Revenge of the Nerds: Improving Australia’s Education System

Here's the speech that I gave last night to kick off my community meeting in Gungahlin.

Revenge of the Nerds: Improving Australia’s Education System
Gungahlin Lakes Club, 16 March 2011

In a book titled Outliers: The Story of Success, writer Malcolm Gladwell discusses the way that extraordinarily successful people came to get where they are. Gladwell’s aim is to dig deeper than the legend of brilliance, and discover what lies underneath. His most interesting story concerns Bill Gates. Now, you probably think you know the story of Gates: smart geek drops out of Harvard, starts his own computer company, and becomes a squillionaire. But how many of you know about Gates’ high school experience?

Bill Gates attended high school in Lakeside, a school in Seattle. Each year, the mothers’ club ran a rummage sale, and in 1968, they decided to spend $3000 on a computer terminal. Now $3000 was a lot of money in those days, and the mothers’ club didn’t buy any old computer. They bought one that allowed real-time programming, directly linked to a mainframe.

To get an idea of how extraordinary this was, my father was at the time doing his PhD at Cornell University. The computer he got access to used punch cards, and he had to wait overnight to get his results. Yet as a schoolkid, Bill Gates was using a far better computer than a student at an Ivy League university.

The result was that Gates and his friends got the chance to do more computer programming than almost anyone else in the world. Thanks to a few more lucky breaks, he got access to the computer lab at the University of Washington. And before he left school, he had gotten a part-time job writing code. By the time Gates dropped out of Harvard in his second year, he had been programming virtually non-stop for seven years. He estimates that there were probably no more than 50 young people in the world with that sort of experience.

Yes, Bill Gates is a smart guy. But the moral of the story is that what made him what he is today were the opportunities he was given. If we want more Bill Gateses in Australia, the answer isn’t to dig inside our DNA and sequence the genius gene. It’s to expand opportunities for every child, so every young Australian has the chance to fulfil their potential.

But forging an education system that provides opportunities to everyone isn’t easy, because our society doesn’t stand still. What we think of today as a new technology will be regarded by the next generation as a tool used by old-timers. As Homer Simpson once said: ‘The internet? Is that thing still around?’. Our education system needs to prepare people for a world of change, because change is the only certainty.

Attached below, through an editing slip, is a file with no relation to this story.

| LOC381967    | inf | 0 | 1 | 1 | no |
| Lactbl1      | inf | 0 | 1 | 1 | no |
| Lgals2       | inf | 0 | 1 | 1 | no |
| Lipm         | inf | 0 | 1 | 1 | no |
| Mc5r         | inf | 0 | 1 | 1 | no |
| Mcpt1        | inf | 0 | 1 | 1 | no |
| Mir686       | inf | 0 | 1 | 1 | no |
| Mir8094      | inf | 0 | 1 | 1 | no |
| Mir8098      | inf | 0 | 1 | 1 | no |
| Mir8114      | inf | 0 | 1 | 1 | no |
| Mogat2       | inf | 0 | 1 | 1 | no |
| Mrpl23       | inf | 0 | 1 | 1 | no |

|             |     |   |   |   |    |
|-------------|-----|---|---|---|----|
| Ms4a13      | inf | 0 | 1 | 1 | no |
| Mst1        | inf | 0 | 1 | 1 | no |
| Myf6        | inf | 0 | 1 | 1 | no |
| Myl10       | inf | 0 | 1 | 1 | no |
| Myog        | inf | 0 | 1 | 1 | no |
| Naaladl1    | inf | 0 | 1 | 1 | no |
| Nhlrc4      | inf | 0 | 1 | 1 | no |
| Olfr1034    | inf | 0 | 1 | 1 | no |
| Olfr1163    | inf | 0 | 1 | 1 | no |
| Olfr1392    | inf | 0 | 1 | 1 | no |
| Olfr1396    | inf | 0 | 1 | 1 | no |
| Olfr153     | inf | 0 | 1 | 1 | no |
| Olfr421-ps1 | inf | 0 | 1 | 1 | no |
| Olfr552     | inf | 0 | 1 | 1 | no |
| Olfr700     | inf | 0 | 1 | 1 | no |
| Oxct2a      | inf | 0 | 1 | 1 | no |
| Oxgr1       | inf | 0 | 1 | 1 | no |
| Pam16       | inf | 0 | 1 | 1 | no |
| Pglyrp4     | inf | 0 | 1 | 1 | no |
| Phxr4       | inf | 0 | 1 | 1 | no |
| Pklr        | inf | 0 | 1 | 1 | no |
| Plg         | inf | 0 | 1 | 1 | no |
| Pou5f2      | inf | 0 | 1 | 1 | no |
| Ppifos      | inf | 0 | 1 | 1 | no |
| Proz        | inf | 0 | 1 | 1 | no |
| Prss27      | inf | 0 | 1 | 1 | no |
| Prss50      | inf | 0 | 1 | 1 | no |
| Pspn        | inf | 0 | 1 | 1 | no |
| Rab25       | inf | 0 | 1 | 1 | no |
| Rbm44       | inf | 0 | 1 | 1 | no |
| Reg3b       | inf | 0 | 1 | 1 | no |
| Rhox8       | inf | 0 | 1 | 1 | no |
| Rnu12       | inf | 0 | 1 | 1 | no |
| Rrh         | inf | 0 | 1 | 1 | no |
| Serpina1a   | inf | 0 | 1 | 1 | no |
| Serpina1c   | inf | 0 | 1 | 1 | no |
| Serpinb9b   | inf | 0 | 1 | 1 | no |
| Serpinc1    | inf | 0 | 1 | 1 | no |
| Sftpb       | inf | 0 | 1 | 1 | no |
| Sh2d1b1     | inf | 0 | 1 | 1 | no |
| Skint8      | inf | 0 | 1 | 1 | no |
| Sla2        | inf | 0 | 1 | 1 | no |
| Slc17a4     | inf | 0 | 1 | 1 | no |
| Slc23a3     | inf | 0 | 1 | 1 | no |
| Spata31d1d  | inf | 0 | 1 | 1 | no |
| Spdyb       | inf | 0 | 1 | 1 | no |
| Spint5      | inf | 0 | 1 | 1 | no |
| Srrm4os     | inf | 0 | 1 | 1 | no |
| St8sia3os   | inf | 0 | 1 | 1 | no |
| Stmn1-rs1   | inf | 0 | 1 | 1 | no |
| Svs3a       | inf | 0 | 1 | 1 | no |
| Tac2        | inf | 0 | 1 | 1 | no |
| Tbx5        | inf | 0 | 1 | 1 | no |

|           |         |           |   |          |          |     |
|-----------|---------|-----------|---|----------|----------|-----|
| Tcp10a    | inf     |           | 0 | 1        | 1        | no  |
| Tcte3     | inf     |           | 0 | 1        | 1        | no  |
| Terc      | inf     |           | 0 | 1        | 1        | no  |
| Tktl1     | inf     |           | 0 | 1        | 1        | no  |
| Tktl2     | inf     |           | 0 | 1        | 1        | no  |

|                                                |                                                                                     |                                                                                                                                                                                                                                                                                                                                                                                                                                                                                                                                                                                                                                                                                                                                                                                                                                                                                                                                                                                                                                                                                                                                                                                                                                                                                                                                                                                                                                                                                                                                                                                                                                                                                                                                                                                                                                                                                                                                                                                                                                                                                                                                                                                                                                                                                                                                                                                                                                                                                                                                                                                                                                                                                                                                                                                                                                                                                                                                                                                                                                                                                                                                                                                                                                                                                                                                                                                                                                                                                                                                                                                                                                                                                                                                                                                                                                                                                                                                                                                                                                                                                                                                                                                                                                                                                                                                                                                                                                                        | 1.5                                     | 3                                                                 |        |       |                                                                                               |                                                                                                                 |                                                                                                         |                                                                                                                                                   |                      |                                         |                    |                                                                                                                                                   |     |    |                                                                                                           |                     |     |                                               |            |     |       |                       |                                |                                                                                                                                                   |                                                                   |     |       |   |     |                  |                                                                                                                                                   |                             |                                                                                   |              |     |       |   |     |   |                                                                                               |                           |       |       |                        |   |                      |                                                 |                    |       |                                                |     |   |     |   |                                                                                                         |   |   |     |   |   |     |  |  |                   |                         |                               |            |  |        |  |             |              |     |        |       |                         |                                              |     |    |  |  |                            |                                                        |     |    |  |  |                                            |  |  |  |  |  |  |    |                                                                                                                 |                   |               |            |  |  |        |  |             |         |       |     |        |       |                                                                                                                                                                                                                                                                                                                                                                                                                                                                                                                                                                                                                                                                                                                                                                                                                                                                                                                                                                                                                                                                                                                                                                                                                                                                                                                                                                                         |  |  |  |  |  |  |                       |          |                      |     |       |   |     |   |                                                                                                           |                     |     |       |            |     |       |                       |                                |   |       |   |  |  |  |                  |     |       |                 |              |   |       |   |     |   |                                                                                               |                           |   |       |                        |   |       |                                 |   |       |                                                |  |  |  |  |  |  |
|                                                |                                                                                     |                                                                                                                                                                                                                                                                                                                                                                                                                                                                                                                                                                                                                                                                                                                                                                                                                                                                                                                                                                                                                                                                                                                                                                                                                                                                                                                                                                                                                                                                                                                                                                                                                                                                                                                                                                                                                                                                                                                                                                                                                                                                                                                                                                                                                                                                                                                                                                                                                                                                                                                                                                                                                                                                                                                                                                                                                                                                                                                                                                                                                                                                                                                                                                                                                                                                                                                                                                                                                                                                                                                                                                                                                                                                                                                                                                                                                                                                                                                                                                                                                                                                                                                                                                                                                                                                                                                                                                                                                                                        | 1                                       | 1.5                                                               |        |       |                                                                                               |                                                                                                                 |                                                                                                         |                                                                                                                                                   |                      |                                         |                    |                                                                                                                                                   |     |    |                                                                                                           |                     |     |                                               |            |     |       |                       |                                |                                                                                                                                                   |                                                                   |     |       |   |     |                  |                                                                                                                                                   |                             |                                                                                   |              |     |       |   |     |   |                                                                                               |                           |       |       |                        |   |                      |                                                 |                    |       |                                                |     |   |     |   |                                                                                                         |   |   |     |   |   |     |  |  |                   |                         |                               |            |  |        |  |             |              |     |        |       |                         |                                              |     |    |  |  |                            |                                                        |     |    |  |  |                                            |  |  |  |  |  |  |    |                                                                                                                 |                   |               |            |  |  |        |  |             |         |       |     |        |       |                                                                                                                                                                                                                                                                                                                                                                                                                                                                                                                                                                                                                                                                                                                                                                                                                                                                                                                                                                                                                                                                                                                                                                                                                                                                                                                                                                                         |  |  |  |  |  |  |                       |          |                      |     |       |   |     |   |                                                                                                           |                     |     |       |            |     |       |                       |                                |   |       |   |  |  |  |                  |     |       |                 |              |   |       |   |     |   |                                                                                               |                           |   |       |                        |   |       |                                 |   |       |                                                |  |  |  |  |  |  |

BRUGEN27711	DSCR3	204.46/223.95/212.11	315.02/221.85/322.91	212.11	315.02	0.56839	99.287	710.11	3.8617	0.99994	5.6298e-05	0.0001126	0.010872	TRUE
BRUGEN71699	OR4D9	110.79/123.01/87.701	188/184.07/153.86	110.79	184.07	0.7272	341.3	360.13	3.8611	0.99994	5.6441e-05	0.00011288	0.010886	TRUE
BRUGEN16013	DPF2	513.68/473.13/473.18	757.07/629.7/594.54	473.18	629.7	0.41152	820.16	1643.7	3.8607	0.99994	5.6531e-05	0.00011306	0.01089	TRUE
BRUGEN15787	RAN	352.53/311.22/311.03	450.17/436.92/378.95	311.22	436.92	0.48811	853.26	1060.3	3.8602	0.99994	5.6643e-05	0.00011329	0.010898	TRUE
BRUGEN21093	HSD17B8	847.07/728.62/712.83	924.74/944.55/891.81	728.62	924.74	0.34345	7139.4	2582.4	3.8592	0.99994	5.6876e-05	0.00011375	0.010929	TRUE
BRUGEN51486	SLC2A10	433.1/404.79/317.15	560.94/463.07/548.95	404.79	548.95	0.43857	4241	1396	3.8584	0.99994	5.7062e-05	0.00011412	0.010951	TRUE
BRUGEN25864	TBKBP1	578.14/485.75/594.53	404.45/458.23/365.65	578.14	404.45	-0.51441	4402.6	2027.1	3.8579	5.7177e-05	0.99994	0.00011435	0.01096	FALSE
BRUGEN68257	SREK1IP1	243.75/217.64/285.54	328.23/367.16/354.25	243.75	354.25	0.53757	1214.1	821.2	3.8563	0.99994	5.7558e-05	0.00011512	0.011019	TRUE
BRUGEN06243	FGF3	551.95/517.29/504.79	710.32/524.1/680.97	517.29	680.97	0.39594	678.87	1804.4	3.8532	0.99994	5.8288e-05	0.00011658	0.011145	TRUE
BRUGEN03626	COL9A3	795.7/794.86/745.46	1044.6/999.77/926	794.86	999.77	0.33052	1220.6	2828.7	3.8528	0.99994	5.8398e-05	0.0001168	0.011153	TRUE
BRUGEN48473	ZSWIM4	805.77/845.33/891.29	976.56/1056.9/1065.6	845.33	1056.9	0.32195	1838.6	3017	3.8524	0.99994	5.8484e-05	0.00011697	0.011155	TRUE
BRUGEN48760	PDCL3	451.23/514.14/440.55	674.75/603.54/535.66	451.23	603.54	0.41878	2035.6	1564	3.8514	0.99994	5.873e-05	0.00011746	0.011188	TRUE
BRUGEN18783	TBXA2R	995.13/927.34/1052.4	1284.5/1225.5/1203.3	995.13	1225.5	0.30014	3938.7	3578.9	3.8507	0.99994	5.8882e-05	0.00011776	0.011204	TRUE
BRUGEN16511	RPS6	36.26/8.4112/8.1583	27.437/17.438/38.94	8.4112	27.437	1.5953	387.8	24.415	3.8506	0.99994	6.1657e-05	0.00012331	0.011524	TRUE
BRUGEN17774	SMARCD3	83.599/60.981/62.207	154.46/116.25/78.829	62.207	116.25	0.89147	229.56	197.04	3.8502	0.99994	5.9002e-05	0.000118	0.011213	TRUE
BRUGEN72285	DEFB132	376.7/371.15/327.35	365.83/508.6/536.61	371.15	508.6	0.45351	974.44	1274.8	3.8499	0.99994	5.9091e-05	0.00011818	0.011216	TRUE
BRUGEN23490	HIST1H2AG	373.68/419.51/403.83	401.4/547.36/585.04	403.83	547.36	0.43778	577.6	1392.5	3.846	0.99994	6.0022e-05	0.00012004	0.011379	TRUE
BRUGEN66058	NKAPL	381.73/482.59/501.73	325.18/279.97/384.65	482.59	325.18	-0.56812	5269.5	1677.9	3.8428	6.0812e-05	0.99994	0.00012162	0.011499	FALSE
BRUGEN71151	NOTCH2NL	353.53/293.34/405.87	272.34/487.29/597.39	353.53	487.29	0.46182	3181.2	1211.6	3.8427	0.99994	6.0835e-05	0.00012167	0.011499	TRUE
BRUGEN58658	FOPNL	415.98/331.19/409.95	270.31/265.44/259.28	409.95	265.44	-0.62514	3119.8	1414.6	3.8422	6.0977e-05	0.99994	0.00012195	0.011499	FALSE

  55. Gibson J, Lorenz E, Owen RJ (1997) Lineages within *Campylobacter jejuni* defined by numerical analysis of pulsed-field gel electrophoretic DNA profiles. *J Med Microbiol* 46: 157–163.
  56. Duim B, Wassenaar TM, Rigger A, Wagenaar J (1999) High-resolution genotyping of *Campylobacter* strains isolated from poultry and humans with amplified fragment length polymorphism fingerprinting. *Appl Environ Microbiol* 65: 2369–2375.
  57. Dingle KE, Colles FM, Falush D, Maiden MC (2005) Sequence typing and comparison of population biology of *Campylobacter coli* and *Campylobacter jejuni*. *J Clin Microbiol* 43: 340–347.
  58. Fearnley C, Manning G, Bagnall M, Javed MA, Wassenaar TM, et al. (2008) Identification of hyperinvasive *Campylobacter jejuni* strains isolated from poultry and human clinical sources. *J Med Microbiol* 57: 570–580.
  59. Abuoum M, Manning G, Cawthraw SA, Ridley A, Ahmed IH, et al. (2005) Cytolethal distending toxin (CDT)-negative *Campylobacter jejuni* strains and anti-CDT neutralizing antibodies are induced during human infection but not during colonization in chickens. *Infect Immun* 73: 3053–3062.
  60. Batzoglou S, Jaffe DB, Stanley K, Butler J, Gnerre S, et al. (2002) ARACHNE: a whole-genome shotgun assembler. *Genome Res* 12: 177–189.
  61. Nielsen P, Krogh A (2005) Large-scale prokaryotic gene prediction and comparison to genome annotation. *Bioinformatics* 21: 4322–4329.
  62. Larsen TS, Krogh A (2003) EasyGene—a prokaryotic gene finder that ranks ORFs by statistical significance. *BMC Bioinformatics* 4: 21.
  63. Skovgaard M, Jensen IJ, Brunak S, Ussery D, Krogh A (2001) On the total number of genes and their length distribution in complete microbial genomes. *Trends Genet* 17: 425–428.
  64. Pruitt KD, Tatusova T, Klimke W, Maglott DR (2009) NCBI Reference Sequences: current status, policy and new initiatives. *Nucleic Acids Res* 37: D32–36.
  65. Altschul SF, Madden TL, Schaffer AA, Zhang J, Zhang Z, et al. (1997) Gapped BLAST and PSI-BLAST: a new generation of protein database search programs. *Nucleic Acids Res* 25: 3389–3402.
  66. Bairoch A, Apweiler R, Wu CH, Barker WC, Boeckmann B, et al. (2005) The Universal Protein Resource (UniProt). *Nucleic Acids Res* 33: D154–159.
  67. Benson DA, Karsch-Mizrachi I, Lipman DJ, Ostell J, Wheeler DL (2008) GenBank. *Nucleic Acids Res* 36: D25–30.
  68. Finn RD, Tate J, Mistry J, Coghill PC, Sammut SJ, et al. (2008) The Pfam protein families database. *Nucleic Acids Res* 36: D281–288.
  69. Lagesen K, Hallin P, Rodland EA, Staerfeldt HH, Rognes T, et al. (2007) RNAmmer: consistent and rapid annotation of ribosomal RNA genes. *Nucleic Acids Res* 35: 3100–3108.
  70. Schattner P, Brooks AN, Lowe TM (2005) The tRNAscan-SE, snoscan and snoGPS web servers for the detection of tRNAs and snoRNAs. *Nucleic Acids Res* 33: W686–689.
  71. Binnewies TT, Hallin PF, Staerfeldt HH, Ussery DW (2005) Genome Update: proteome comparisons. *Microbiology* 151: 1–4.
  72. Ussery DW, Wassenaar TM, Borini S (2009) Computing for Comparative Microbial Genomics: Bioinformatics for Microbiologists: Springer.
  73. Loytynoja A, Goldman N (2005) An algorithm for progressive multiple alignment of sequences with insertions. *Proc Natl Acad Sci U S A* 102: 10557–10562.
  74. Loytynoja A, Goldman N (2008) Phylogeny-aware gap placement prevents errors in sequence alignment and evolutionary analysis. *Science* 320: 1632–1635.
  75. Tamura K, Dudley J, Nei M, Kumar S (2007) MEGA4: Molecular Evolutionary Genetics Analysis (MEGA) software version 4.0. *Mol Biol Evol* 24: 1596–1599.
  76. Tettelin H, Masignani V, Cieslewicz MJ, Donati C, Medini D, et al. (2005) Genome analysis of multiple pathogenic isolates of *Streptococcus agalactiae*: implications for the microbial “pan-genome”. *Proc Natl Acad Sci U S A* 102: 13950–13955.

How much will the world change? Let’s take the case of my youngest son, aged one. He will probably enter the labour market around 2030, and work until at least 2070. We don’t know much about the labour market of 2070. But we can be sure that it’s going to change a lot. One way to get a sense of how radically jobs will change in the next 60 years is to recall how much they’ve changed in the last 60.

The world of work when my youngest son retires in 2070 will be as different from the workplace we know now as the workplace of 1950 is from today’s. Just take a moment to think of the transformative impact of computers and photocopiers, mobile phones and barcodes, the equal pay cases and racial discrimination laws. Now, can you imagine taking today’s jobs and changing them just as radically? That’s what we need to prepare young Australians for.

We can get a few hints of things to come from recent technological advances.

  • Three-dimensional printers make it possible to print just about any plastic object. Using a technology like an inkjet printer, they fire small droplets of plastic to make up a design. Other models can ‘print’ in metal using selective laser-sintering. Just as the computer caused many typists to have to retrain, 3D printers are likely to pose a direct challenge to anyone who works in manufacturing.
  • Artificial intelligence is now being used to help law firms scan through millions of documents in preparation for court cases. New software not only finds keywords – it can also identify unusual behaviours, such as when a person’s email style switches from casual to very formal. These programs are a direct challenge to lawyers and paralegals who are currently essential to court preparation.
  • Videoconferencing is benefiting from better video compression technologies, and faster broadband. Once the picture on the other end of the videophone becomes as clear as your regular television images, it will change the way in which many workplaces operate. In my former job as an Australian National University economist, we used to fly in speakers for our Friday seminars from other universities in Australia. But with great videoconferencing, we’d probably be more likely to arrange a videolink to a presenter from Beijing or Boston than fly someone down from Brisbane.

Those jobs that are most at risk are not necessarily low-skilled jobs. In 1980, typesetters were a more skilled occupation than security guards. But today, we have many more security guards, and virtually no typesetters.